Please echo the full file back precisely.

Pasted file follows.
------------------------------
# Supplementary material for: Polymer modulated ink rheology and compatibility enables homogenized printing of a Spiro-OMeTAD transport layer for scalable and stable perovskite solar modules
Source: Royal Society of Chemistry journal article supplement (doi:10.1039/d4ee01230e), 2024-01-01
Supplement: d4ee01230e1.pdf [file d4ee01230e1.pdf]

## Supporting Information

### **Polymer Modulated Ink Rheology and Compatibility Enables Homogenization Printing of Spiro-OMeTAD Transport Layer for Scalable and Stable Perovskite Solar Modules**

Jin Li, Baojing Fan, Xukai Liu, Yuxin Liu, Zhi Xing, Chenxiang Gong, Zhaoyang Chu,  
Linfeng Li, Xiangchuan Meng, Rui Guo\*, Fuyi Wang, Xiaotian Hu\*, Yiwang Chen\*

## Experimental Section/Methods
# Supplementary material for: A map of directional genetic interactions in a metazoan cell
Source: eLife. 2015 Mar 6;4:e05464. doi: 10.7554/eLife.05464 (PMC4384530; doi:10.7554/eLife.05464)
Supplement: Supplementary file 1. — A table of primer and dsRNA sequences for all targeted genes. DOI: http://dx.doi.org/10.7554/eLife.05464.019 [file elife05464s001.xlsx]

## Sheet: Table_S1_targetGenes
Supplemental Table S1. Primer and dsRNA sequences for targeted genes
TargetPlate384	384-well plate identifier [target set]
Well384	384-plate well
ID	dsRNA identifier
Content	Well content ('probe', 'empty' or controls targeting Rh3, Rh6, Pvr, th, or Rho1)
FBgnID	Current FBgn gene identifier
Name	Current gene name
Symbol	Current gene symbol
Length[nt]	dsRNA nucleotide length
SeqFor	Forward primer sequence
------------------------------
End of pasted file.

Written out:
# Supplementary material for: Polymer modulated ink rheology and compatibility enables homogenized printing of a Spiro-OMeTAD transport layer for scalable and stable perovskite solar modules
Source: Royal Society of Chemistry journal article supplement (doi:10.1039/d4ee01230e), 2024-01-01
Supplement: d4ee01230e1.pdf [file d4ee01230e1.pdf]

## Supporting Information

### **Polymer Modulated Ink Rheology and Compatibility Enables Homogenization Printing of Spiro-OMeTAD Transport Layer for Scalable and Stable Perovskite Solar Modules**

Jin Li, Baojing Fan, Xukai Liu, Yuxin Liu, Zhi Xing, Chenxiang Gong, Zhaoyang Chu,  
Linfeng Li, Xiangchuan Meng, Rui Guo\*, Fuyi Wang, Xiaotian Hu\*, Yiwang Chen\*

## Experimental Section/Methods
# Supplementary material for: A map of directional genetic interactions in a metazoan cell
Source: eLife. 2015 Mar 6;4:e05464. doi: 10.7554/eLife.05464 (PMC4384530; doi:10.7554/eLife.05464)
Supplement: Supplementary file 1. — A table of primer and dsRNA sequences for all targeted genes. DOI: http://dx.doi.org/10.7554/eLife.05464.019 [file elife05464s001.xlsx]

## Sheet: Table_S1_targetGenes
Supplemental Table S1. Primer and dsRNA sequences for targeted genes
TargetPlate384	384-well plate identifier [target set]
Well384	384-plate well
ID	dsRNA identifier
Content	Well content ('probe', 'empty' or controls targeting Rh3, Rh6, Pvr, th, or Rho1)
FBgnID	Current FBgn gene identifier
Name	Current gene name
Symbol	Current gene symbol
Length[nt]	dsRNA nucleotide length
SeqFor	Forward primer sequence